(4) Bad/Loss

Assets must be classified no higher than Bad/Loss if any of the following deficiencies of the obligor are present: the obligor seeks new loans to finance operational losses; location in an industry that is disappearing; location in the bottom quartile of its industry in terms of profitability; technological obsolescence; very high losses; asset sales at a loss to meet operational expenses; cash flow less than production costs; no repayment source except liquidation; presence of money laundering, fraud, embezzlement, or other criminal activity; no further support by owners.

✅ Question : 17 :: How to make Improvement in Classification?

Ans:  From time to time, in the judgment of the bank, the condition of a loan may improve and it may be justified to move it to a more favourable classification category. The decision to move a loan to a more favourable classification category must be accompanied by analysis showing that there has been improvement in the payment performance of the loan and/or in the financial condition of the borrower. The decision to move a loan from Bad/Loss to Doubtful or Substandard, or from Doubtful to Substandard, may, with appropriate justification, be taken by the Chief Credit Officer, with the concurrence of the Chief Financial Officer. The decision to move a loan from Substandard, Doubtful, or Bad/Loss to Special Mention Account or to declassify it completely must be taken by the Board of Directors, with appropriate justification presented by the branch manager who originated the loan in question and the Managing Director.

A bank may request the concerned Department of Banking Inspection of Bangladesh Bank to review the classification of any loan for which there is a disagreement on classification that is not resolved during the on-site  inspection. Bangladesh Bank will respond to the bank within 15 days of receiving such request. However, in any case where there is a lingering disagreement between the classification determined by bank management and the classification determined by Bangladesh Bank, the judgment of Bangladesh Bank will prevail. Any loan classified during Bangladesh Bank’s on-site inspection on the basis of qualitative judgement cannot be declassified without the consent of Bangladesh Bank.

✅ Question : 18 :: What is the Accounting of the Interest of Classified Loans?

Ans:  Accounting of the Interest of Classified Loans:

If any loan or advance is classified as ‘Sub-standard’ and ‘Doubtful’, interest accrued on such loan will be credited to Interest Suspense Account, instead of crediting the same to Income Account. In case of rescheduled loans the unrealized interest, if any, will be credited to Interest Suspense Account, instead of crediting the same to Income Account.

As soon as any loan or advance is classified as ‘Bad/Loss’, charging of interest in the same account will cease. In case of filing a law-suit for recovery of such loan, interest for the period till filing of the suit can be charged in the loan account in order to file the same for the amount of principal plus interest. But interest thus charged in the loan account has to be preserved in the ‘Interest Suspense’ account. If any interest is charged on any ‘Bad/Loss’ account for any other special reason, the same will be preserved in the ‘Interest Suspense’ account. If classified loan or part of it is recovered i.e., real deposit is effected in the loan account, first the interest charged and accrued but not charged is to be recovered from the said deposit and the principal to be adjusted afterwards.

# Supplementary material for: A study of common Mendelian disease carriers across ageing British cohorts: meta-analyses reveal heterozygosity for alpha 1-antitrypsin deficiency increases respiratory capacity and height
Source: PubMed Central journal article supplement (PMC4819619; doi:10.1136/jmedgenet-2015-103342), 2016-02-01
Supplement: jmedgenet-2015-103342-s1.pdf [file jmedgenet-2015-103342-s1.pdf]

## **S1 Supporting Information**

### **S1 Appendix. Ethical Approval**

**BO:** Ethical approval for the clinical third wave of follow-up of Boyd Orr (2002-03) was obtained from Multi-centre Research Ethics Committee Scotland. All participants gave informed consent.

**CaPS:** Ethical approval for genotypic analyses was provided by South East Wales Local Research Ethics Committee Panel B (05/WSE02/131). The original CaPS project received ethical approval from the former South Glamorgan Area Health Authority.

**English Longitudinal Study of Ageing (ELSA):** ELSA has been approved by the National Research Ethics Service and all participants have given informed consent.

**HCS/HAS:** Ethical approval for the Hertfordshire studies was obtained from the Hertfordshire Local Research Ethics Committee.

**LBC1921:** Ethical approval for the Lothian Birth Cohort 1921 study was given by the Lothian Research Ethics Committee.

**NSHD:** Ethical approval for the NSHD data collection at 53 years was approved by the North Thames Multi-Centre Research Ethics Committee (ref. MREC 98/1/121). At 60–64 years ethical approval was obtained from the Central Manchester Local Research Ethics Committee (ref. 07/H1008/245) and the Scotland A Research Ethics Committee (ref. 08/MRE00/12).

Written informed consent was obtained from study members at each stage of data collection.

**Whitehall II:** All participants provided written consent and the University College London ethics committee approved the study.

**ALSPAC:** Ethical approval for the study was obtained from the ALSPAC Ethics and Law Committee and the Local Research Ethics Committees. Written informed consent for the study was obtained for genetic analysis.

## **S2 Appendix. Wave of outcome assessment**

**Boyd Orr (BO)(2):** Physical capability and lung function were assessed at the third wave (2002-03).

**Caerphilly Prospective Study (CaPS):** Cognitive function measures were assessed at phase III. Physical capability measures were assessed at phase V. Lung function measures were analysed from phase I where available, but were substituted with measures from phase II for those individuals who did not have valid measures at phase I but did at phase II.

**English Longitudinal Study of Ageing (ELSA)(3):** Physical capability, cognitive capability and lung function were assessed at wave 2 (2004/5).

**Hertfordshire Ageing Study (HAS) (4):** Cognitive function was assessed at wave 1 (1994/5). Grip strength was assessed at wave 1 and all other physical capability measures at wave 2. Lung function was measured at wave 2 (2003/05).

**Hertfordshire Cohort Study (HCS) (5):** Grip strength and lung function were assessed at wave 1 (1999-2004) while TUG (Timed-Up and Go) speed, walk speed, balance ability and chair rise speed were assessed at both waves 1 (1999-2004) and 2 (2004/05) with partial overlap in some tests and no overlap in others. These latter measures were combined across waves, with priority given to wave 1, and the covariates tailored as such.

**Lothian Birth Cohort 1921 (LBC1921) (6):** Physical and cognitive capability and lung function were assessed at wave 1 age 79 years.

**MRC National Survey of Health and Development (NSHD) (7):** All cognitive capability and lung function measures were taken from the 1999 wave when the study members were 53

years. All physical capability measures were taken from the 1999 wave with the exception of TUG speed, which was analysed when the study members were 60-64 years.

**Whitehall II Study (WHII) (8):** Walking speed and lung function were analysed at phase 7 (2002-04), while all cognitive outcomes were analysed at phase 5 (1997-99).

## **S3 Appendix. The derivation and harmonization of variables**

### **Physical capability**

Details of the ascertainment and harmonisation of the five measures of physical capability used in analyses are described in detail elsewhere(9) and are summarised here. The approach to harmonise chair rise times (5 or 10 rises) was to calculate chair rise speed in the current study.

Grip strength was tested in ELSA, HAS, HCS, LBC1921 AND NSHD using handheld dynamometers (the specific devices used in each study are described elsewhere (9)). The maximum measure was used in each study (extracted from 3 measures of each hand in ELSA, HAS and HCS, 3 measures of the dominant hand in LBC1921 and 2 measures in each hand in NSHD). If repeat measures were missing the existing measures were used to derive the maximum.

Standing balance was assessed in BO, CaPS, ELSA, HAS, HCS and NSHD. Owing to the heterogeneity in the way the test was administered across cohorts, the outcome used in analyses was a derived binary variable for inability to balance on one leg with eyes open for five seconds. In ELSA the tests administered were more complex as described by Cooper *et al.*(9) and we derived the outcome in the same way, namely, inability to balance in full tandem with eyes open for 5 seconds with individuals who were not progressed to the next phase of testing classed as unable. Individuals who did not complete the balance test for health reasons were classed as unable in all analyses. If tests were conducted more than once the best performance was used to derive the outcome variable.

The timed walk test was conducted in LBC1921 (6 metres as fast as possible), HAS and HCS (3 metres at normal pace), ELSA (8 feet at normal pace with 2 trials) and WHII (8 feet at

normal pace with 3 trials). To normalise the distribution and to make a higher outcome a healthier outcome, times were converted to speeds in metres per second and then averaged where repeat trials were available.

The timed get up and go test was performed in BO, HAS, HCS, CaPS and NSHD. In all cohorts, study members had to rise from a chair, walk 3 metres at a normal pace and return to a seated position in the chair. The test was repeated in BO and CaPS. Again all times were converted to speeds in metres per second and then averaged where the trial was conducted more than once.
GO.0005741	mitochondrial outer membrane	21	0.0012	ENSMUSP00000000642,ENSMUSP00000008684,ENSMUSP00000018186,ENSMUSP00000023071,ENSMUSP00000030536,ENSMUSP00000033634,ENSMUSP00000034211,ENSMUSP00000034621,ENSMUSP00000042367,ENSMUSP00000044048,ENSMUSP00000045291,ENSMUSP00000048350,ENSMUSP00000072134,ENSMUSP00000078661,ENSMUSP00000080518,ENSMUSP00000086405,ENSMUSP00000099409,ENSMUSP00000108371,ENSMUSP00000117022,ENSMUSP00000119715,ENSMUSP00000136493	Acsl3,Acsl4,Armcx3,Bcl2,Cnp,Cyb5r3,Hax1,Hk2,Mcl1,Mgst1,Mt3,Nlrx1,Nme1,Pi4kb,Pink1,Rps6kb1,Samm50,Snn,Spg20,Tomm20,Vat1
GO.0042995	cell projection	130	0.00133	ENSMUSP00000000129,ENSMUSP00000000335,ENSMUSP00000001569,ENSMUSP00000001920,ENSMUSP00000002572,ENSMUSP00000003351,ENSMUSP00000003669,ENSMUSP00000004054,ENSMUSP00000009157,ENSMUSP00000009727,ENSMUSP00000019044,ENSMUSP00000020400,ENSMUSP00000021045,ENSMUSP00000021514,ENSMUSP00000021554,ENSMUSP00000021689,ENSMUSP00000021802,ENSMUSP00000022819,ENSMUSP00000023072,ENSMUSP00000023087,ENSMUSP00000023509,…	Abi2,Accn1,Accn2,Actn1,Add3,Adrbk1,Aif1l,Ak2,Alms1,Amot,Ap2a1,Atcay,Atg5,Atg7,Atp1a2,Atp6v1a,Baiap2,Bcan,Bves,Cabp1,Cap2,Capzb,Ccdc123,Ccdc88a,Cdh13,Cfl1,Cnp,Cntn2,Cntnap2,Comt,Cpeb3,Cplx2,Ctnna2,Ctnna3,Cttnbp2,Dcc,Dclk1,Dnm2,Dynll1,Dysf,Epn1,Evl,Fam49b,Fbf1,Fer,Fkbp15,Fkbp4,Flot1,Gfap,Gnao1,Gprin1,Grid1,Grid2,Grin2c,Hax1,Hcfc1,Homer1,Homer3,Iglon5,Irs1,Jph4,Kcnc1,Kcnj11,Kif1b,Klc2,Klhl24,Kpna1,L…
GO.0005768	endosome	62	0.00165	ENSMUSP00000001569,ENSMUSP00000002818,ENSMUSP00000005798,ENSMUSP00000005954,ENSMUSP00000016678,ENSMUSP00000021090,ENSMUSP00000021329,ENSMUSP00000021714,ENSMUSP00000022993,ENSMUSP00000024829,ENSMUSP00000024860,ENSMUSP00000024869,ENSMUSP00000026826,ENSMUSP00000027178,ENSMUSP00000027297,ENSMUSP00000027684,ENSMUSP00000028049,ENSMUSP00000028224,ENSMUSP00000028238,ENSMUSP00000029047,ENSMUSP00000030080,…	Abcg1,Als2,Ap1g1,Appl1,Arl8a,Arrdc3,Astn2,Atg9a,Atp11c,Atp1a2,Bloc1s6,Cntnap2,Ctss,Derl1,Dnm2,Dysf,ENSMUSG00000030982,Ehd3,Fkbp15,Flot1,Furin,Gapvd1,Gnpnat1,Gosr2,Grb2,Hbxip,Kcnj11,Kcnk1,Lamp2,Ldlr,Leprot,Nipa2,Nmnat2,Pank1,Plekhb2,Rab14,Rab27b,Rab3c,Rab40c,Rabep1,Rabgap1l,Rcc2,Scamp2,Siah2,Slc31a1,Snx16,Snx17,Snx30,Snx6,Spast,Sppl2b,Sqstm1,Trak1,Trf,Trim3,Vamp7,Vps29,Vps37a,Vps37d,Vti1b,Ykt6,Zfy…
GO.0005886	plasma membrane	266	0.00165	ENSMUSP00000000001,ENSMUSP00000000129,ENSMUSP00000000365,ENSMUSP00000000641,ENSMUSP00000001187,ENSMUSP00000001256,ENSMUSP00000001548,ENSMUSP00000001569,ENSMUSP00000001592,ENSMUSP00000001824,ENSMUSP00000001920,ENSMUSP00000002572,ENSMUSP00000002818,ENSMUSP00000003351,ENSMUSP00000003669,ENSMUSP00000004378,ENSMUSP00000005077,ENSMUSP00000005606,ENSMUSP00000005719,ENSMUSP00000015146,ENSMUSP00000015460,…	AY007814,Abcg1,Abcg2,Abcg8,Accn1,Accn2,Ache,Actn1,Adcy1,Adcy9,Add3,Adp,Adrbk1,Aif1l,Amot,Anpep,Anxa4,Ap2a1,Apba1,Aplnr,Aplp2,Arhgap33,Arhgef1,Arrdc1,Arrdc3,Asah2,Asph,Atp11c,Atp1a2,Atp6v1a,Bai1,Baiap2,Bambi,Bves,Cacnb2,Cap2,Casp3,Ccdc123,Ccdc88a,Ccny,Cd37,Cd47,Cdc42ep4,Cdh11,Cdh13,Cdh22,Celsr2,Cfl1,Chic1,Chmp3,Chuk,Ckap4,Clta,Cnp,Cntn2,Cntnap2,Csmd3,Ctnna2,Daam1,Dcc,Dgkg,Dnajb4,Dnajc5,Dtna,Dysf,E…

✅ Question : 19 :: How to maintenance of Provision?

Ans:  Maintenance of Provision:

 a) General Provision: Banks will be required to maintain General Provision in the following way :

(1) @ 0.25% against all unclassified loans of Small and Medium Enterprise (SME) as defined by the SME & Special Programmes Department of Bangladesh Bank from time to time and @ 1% against all unclassified loans (other than loans under Consumer Financing, Loans to Brokerage House, Merchant Banks, Stock dealers etc., Special Mention Account as well as SME Financing.)

(2) @ 5% on the unclassified amount for Consumer Financing whereas it has to be maintained @ 2% on the unclassified amount for (i) Housing Finance and (ii) Loans for Professionals to set up business under Consumer Financing Scheme.

(3) @ 2% on the unclassified amount for Loans to Brokerage House, Merchant Banks, Stock dealers, etc.

(4) @ 5% on the outstanding amount of loans kept in the ‘Special Mention Account’.

(5) @1% on the off-balance sheet exposures. (Provision will be on the total exposure and amount of cash margin or value of eligible collateral will not be deducted while computing Off-balance sheet exposure.)

b) Specific Provision: Banks will maintain provision at the following rates in respect of classified Continuous, Demand and Fixed Term Loans:

(1) Sub-standard : 20%

(2) Doubtful : 50%

(3) Bad/Loss : 100%

Provision for Short-term Agricultural and Micro-Credits:

(1) All credits except ‘Bad/Loss’ (i.e. ‘Doubtful’, ‘Sub-standard’, irregular and regular credit accounts) : 5%

(2) ‘Bad/Loss’ : 100%

 Provisions to Cover All Expected Losses:

The expressed minimum percentages of provisions in Paragraph 4 for exposures in each classification category are absolute minimums, and banks are encouraged to set aside higher provisions if expected losses on the loan pools (for general provisions) or individual loans (for specific provisions) warrant.

 

✅ Question : 20 :: What is Base for Provision?

Ans:  Base for Provision:

For eligible collaterals of the following types, provision will be maintained at the stated rates in Para 4 on the outstanding balance of the classified loans less the amount of Interest Suspense and the value of eligible collateral:

  1. Deposit with the same bank under lien against the loan,
  2. Government bond/savings certificate under lien,
  3. Guarantee given by Government or Bangladesh Bank.

For all other eligible collaterals, the provision will be maintained at the stated rates in Para 4 on the balance calculated as the greater of the following two amounts: